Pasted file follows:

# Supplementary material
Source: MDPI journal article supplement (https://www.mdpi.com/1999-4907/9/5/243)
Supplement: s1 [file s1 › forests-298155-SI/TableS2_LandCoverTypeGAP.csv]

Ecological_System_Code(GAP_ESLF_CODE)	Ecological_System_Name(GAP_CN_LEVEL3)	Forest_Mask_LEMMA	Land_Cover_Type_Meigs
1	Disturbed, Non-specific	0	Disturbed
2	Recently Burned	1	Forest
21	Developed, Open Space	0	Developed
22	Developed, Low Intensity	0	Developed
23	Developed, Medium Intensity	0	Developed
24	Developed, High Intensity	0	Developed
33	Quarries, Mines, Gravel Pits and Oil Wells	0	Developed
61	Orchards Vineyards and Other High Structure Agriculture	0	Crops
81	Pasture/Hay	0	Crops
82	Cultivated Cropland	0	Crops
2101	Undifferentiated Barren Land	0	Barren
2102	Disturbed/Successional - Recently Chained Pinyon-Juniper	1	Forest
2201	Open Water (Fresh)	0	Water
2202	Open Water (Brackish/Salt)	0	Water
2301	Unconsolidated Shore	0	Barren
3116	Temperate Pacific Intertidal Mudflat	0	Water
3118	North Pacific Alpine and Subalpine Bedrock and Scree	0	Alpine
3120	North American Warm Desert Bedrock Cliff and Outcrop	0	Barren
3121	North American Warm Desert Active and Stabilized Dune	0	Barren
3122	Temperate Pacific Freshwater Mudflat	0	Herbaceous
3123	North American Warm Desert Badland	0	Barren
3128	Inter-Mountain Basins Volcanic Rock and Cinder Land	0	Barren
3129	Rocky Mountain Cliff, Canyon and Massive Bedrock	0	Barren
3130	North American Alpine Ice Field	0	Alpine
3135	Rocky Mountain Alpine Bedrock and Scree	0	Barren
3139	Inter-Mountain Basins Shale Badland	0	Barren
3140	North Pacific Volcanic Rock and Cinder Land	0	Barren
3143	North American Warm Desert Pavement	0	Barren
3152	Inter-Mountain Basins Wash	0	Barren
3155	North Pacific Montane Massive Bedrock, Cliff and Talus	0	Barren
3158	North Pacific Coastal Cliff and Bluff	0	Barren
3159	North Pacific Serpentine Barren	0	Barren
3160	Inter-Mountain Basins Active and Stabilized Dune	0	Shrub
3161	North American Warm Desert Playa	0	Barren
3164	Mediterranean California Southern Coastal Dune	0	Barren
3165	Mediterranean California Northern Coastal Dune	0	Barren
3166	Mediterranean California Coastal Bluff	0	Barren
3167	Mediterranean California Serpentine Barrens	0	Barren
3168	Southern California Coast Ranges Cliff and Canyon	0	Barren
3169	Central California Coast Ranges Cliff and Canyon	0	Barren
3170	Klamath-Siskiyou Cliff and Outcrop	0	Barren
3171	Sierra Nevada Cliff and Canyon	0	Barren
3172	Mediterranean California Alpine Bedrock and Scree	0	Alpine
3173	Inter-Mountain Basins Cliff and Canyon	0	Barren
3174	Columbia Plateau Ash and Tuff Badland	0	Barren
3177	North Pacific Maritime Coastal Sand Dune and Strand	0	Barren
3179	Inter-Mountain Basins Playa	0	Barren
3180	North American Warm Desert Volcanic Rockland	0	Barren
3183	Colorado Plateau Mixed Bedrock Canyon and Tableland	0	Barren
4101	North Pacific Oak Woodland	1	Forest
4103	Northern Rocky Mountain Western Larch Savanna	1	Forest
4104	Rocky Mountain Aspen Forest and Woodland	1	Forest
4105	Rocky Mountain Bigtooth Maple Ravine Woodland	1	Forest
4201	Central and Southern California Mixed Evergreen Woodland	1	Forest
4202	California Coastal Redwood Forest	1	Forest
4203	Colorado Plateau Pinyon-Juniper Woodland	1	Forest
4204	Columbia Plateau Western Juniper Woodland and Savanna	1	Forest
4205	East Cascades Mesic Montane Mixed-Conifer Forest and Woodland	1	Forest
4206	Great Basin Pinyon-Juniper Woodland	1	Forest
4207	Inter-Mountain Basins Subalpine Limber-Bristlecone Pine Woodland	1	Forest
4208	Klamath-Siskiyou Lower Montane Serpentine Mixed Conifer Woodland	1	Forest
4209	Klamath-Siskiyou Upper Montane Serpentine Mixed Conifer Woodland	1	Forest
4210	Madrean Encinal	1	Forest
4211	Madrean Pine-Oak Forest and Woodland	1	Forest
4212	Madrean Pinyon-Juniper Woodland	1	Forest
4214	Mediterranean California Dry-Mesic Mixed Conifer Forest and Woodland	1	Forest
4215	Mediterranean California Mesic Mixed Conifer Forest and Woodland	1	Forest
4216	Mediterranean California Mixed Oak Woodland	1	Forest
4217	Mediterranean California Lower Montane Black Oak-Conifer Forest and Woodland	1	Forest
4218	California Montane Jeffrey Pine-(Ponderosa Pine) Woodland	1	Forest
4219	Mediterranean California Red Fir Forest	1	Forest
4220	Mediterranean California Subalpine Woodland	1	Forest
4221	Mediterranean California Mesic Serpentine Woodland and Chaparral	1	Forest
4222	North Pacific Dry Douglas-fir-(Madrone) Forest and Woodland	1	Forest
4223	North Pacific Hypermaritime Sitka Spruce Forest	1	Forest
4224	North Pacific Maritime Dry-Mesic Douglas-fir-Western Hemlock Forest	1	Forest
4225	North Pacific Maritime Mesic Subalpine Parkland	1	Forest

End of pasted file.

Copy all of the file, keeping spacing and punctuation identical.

# Supplementary material
Source: MDPI journal article supplement (https://www.mdpi.com/1999-4907/9/5/243)
Supplement: s1 [file s1 › forests-298155-SI/TableS2_LandCoverTypeGAP.csv]

Ecological_System_Code(GAP_ESLF_CODE)	Ecological_System_Name(GAP_CN_LEVEL3)	Forest_Mask_LEMMA	Land_Cover_Type_Meigs
1	Disturbed, Non-specific	0	Disturbed
2	Recently Burned	1	Forest
21	Developed, Open Space	0	Developed
22	Developed, Low Intensity	0	Developed
23	Developed, Medium Intensity	0	Developed
24	Developed, High Intensity	0	Developed
33	Quarries, Mines, Gravel Pits and Oil Wells	0	Developed
61	Orchards Vineyards and Other High Structure Agriculture	0	Crops
81	Pasture/Hay	0	Crops
82	Cultivated Cropland	0	Crops
2101	Undifferentiated Barren Land	0	Barren
2102	Disturbed/Successional - Recently Chained Pinyon-Juniper	1	Forest
2201	Open Water (Fresh)	0	Water
2202	Open Water (Brackish/Salt)	0	Water
2301	Unconsolidated Shore	0	Barren
3116	Temperate Pacific Intertidal Mudflat	0	Water
3118	North Pacific Alpine and Subalpine Bedrock and Scree	0	Alpine
3120	North American Warm Desert Bedrock Cliff and Outcrop	0	Barren
3121	North American Warm Desert Active and Stabilized Dune	0	Barren
3122	Temperate Pacific Freshwater Mudflat	0	Herbaceous
3123	North American Warm Desert Badland	0	Barren
3128	Inter-Mountain Basins Volcanic Rock and Cinder Land	0	Barren
3129	Rocky Mountain Cliff, Canyon and Massive Bedrock	0	Barren
3130	North American Alpine Ice Field	0	Alpine
3135	Rocky Mountain Alpine Bedrock and Scree	0	Barren
3139	Inter-Mountain Basins Shale Badland	0	Barren
3140	North Pacific Volcanic Rock and Cinder Land	0	Barren
3143	North American Warm Desert Pavement	0	Barren
3152	Inter-Mountain Basins Wash	0	Barren
3155	North Pacific Montane Massive Bedrock, Cliff and Talus	0	Barren
3158	North Pacific Coastal Cliff and Bluff	0	Barren
3159	North Pacific Serpentine Barren	0	Barren
3160	Inter-Mountain Basins Active and Stabilized Dune	0	Shrub
3161	North American Warm Desert Playa	0	Barren
3164	Mediterranean California Southern Coastal Dune	0	Barren
3165	Mediterranean California Northern Coastal Dune	0	Barren
3166	Mediterranean California Coastal Bluff	0	Barren
3167	Mediterranean California Serpentine Barrens	0	Barren
3168	Southern California Coast Ranges Cliff and Canyon	0	Barren
3169	Central California Coast Ranges Cliff and Canyon	0	Barren
3170	Klamath-Siskiyou Cliff and Outcrop	0	Barren
3171	Sierra Nevada Cliff and Canyon	0	Barren
3172	Mediterranean California Alpine Bedrock and Scree	0	Alpine
3173	Inter-Mountain Basins Cliff and Canyon	0	Barren
3174	Columbia Plateau Ash and Tuff Badland	0	Barren
3177	North Pacific Maritime Coastal Sand Dune and Strand	0	Barren
3179	Inter-Mountain Basins Playa	0	Barren
3180	North American Warm Desert Volcanic Rockland	0	Barren
3183	Colorado Plateau Mixed Bedrock Canyon and Tableland	0	Barren
4101	North Pacific Oak Woodland	1	Forest
4103	Northern Rocky Mountain Western Larch Savanna	1	Forest
4104	Rocky Mountain Aspen Forest and Woodland	1	Forest
4105	Rocky Mountain Bigtooth Maple Ravine Woodland	1	Forest
4201	Central and Southern California Mixed Evergreen Woodland	1	Forest
4202	California Coastal Redwood Forest	1	Forest
4203	Colorado Plateau Pinyon-Juniper Woodland	1	Forest
4204	Columbia Plateau Western Juniper Woodland and Savanna	1	Forest
4205	East Cascades Mesic Montane Mixed-Conifer Forest and Woodland	1	Forest
4206	Great Basin Pinyon-Juniper Woodland	1	Forest
4207	Inter-Mountain Basins Subalpine Limber-Bristlecone Pine Woodland	1	Forest
4208	Klamath-Siskiyou Lower Montane Serpentine Mixed Conifer Woodland	1	Forest
4209	Klamath-Siskiyou Upper Montane Serpentine Mixed Conifer Woodland	1	Forest
4210	Madrean Encinal	1	Forest
4211	Madrean Pine-Oak Forest and Woodland	1	Forest
4212	Madrean Pinyon-Juniper Woodland	1	Forest
4214	Mediterranean California Dry-Mesic Mixed Conifer Forest and Woodland	1	Forest
4215	Mediterranean California Mesic Mixed Conifer Forest and Woodland	1	Forest
4216	Mediterranean California Mixed Oak Woodland	1	Forest
4217	Mediterranean California Lower Montane Black Oak-Conifer Forest and Woodland	1	Forest
4218	California Montane Jeffrey Pine-(Ponderosa Pine) Woodland	1	Forest
4219	Mediterranean California Red Fir Forest	1	Forest
4220	Mediterranean California Subalpine Woodland	1	Forest
4221	Mediterranean California Mesic Serpentine Woodland and Chaparral	1	Forest
4222	North Pacific Dry Douglas-fir-(Madrone) Forest and Woodland	1	Forest
4223	North Pacific Hypermaritime Sitka Spruce Forest	1	Forest
4224	North Pacific Maritime Dry-Mesic Douglas-fir-Western Hemlock Forest	1	Forest
4225	North Pacific Maritime Mesic Subalpine Parkland	1	Forest